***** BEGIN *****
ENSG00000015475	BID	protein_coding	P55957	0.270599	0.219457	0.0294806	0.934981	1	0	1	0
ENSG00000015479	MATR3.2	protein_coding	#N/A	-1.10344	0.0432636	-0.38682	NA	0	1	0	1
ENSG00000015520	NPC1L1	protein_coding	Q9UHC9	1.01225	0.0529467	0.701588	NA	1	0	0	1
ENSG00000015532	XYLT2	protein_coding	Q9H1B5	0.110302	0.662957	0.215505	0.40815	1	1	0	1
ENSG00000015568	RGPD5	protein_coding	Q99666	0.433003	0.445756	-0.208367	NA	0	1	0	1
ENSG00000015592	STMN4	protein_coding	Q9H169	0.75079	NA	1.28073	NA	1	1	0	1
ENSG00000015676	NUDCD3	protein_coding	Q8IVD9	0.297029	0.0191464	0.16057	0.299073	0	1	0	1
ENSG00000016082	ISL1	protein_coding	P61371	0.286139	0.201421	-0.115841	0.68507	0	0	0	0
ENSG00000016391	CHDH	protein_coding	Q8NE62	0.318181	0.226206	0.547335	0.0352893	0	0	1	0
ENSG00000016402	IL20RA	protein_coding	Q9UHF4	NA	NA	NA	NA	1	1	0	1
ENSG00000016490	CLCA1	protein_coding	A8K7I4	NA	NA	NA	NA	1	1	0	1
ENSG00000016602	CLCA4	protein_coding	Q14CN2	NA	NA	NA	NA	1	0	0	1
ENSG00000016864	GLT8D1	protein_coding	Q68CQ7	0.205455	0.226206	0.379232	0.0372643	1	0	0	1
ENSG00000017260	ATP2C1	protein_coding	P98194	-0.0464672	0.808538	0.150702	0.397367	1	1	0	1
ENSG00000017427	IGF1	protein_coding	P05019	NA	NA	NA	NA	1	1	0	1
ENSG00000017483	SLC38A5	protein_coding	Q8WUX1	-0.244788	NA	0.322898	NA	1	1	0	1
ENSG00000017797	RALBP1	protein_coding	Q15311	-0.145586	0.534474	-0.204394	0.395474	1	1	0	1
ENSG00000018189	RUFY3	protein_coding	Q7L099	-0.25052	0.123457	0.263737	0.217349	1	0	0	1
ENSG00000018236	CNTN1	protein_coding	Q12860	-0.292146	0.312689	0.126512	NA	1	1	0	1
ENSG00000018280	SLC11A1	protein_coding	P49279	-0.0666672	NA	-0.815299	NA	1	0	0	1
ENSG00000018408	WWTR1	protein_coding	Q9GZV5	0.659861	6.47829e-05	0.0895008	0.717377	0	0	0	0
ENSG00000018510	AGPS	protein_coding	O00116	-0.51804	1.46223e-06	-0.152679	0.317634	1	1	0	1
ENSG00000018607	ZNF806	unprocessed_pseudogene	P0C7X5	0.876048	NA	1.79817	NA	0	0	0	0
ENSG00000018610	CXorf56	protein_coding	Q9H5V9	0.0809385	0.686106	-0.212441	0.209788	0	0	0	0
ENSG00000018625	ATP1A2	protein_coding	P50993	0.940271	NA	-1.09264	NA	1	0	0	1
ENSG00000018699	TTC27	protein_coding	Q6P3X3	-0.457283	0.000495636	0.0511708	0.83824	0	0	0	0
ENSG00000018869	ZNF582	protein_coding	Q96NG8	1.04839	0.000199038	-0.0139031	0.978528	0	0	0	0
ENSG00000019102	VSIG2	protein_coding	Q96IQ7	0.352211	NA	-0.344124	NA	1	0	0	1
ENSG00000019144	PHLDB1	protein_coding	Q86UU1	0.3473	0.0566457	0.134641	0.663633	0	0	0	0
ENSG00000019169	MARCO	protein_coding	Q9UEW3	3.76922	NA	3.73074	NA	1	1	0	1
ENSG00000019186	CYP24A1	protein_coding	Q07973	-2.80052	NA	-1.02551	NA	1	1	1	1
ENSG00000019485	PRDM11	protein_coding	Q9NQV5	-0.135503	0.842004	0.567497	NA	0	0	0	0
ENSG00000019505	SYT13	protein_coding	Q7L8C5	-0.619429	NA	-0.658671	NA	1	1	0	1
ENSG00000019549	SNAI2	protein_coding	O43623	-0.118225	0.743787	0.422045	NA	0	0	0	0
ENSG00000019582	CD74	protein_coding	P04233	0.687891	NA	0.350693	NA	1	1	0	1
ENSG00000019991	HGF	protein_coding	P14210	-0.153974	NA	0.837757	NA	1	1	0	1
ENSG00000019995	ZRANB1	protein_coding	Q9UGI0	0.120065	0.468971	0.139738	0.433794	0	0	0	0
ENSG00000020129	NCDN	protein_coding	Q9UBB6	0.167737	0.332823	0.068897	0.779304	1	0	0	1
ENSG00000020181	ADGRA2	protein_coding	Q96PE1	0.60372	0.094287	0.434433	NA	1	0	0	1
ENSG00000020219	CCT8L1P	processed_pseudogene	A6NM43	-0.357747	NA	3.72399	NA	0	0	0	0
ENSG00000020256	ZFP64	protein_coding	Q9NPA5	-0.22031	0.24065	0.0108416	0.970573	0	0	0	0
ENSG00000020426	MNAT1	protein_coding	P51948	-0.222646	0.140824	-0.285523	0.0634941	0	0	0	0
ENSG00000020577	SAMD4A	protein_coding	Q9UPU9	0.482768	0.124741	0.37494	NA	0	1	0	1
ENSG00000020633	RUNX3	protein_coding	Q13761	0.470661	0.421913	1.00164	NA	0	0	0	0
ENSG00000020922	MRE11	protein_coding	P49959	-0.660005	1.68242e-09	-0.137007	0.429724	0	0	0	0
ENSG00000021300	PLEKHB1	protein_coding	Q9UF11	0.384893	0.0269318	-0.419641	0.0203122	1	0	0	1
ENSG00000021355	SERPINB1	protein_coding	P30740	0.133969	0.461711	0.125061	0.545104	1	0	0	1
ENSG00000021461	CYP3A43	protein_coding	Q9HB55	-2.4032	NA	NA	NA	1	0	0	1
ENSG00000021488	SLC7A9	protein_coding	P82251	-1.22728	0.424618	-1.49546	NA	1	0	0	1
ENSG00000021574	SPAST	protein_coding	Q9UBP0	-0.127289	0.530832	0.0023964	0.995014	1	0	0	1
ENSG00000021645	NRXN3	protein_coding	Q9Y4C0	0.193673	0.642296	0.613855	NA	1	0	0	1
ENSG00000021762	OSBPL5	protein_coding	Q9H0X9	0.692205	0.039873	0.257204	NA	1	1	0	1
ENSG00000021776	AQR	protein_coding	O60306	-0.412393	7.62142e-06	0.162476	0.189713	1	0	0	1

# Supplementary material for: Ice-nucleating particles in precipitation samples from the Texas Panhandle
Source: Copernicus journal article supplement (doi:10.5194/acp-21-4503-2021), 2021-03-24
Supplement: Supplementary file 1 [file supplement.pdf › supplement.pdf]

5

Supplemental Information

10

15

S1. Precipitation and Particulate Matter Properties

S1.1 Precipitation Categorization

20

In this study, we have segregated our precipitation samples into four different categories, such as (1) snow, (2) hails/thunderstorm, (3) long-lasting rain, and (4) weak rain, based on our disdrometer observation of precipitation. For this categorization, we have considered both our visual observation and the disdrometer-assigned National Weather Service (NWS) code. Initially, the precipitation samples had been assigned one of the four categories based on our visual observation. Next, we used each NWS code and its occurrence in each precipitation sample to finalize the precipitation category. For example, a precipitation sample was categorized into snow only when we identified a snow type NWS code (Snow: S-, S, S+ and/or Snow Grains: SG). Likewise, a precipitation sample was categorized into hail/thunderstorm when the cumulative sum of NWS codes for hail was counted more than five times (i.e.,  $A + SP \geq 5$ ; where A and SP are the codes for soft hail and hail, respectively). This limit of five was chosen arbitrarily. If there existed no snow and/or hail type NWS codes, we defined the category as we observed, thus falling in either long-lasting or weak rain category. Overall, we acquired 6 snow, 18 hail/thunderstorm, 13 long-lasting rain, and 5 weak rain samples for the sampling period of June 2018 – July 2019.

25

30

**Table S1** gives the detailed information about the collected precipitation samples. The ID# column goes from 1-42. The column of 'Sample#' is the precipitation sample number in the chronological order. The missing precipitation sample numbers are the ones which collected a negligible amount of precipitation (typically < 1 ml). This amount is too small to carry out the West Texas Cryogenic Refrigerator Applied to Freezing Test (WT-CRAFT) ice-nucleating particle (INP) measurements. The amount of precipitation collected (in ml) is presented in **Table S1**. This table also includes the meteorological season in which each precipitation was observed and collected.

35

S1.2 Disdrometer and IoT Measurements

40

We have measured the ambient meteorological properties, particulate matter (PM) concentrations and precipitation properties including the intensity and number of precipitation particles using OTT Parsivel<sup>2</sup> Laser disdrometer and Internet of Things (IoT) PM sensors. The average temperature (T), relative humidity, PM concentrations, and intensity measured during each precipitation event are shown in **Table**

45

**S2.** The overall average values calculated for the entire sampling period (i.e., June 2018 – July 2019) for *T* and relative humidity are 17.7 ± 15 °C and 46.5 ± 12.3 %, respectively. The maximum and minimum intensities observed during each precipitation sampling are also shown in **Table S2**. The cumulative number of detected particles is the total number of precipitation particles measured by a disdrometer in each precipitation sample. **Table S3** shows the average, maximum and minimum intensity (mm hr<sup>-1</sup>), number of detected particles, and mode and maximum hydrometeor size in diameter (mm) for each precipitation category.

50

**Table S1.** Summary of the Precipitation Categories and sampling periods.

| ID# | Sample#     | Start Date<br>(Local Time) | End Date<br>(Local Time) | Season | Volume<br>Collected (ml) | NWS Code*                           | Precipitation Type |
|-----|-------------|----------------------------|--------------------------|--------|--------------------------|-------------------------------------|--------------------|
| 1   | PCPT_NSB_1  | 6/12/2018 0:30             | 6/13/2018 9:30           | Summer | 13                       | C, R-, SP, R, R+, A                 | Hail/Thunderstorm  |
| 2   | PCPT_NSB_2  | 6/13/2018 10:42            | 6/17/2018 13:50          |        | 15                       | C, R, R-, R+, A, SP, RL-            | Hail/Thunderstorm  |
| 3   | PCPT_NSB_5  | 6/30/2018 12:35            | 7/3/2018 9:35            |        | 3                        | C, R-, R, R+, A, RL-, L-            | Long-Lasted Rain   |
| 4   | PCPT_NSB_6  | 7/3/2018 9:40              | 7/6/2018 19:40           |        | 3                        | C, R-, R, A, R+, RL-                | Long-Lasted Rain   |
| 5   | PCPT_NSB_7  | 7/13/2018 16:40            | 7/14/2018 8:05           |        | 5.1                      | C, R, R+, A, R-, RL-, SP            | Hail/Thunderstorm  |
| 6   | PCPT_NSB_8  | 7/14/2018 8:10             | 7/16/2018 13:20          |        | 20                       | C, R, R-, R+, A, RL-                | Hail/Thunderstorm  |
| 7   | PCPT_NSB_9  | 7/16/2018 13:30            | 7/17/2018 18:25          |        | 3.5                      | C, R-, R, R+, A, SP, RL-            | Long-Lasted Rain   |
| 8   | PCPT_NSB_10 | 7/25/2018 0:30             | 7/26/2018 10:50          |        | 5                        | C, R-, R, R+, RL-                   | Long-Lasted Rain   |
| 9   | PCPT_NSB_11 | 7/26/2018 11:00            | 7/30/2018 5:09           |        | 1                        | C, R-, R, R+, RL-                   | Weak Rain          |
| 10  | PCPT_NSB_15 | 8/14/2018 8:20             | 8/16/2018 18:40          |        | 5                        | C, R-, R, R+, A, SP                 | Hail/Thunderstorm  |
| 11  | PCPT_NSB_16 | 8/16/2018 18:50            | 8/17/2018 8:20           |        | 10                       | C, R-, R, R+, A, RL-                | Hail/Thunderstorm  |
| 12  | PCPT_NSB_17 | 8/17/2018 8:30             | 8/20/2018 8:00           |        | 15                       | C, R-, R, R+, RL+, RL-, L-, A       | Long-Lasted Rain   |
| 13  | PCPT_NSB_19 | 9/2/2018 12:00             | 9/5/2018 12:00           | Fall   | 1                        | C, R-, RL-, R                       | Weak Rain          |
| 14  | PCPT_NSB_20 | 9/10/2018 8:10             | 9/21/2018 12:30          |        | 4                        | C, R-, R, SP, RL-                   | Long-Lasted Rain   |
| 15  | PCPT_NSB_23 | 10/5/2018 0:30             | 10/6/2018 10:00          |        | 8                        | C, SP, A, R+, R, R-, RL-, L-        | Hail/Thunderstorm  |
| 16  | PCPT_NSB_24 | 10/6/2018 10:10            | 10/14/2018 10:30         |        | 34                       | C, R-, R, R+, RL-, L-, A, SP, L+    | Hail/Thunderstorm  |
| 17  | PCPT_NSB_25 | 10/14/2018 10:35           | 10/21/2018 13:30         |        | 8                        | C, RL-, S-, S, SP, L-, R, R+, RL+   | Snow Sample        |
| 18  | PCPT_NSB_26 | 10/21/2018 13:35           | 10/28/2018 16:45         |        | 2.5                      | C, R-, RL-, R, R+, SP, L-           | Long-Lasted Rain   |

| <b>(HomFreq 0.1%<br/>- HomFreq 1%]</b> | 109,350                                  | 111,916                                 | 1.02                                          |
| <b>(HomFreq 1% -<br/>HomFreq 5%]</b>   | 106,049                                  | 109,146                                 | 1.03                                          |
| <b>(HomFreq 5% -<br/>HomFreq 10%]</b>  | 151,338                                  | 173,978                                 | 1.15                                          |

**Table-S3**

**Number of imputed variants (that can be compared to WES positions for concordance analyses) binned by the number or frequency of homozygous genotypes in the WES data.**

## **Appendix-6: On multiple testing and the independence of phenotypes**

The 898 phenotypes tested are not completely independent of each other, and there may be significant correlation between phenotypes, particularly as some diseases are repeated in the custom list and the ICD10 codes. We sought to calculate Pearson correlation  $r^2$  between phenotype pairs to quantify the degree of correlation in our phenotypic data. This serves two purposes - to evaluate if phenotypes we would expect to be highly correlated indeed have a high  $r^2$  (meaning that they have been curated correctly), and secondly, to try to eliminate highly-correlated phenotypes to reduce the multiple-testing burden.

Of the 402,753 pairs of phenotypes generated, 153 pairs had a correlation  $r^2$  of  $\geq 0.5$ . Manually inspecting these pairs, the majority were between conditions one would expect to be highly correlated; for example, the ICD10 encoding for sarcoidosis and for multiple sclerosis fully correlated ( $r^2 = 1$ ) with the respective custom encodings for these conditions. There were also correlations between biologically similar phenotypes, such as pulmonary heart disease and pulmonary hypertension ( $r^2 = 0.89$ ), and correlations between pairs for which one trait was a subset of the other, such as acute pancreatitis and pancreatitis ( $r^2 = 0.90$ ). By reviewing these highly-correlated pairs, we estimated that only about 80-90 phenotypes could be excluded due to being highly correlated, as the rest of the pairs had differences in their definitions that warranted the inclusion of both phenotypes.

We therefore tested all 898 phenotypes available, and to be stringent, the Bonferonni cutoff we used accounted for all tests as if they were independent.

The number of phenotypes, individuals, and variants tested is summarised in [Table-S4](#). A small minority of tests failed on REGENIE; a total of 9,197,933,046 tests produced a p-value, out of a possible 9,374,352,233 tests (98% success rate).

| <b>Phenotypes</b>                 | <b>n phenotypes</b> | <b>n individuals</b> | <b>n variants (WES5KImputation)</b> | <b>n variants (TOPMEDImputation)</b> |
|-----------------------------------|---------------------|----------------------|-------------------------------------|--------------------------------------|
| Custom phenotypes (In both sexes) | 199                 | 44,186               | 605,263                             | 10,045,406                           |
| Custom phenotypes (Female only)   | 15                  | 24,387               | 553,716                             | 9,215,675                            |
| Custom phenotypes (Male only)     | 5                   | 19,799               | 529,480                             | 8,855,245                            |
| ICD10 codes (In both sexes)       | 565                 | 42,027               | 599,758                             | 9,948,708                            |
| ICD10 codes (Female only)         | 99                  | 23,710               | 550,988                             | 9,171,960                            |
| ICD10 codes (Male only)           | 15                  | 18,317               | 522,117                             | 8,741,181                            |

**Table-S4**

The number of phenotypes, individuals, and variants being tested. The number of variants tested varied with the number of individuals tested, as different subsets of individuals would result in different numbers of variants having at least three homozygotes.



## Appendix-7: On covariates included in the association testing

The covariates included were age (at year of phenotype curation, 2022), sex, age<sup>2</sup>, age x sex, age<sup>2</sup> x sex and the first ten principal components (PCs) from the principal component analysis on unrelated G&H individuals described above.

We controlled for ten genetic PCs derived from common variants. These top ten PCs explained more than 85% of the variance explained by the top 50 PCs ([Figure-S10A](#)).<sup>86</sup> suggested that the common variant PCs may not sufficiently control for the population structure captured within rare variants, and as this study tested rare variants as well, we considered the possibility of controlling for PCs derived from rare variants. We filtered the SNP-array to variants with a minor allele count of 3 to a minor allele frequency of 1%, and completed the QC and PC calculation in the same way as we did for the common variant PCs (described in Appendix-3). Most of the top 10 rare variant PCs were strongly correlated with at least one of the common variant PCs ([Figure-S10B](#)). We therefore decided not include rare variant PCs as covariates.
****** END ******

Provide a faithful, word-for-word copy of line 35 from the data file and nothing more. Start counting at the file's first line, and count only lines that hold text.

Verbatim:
ENSG00000019582	CD74	protein_coding	P04233	0.687891	NA	0.350693	NA	1	1	0	1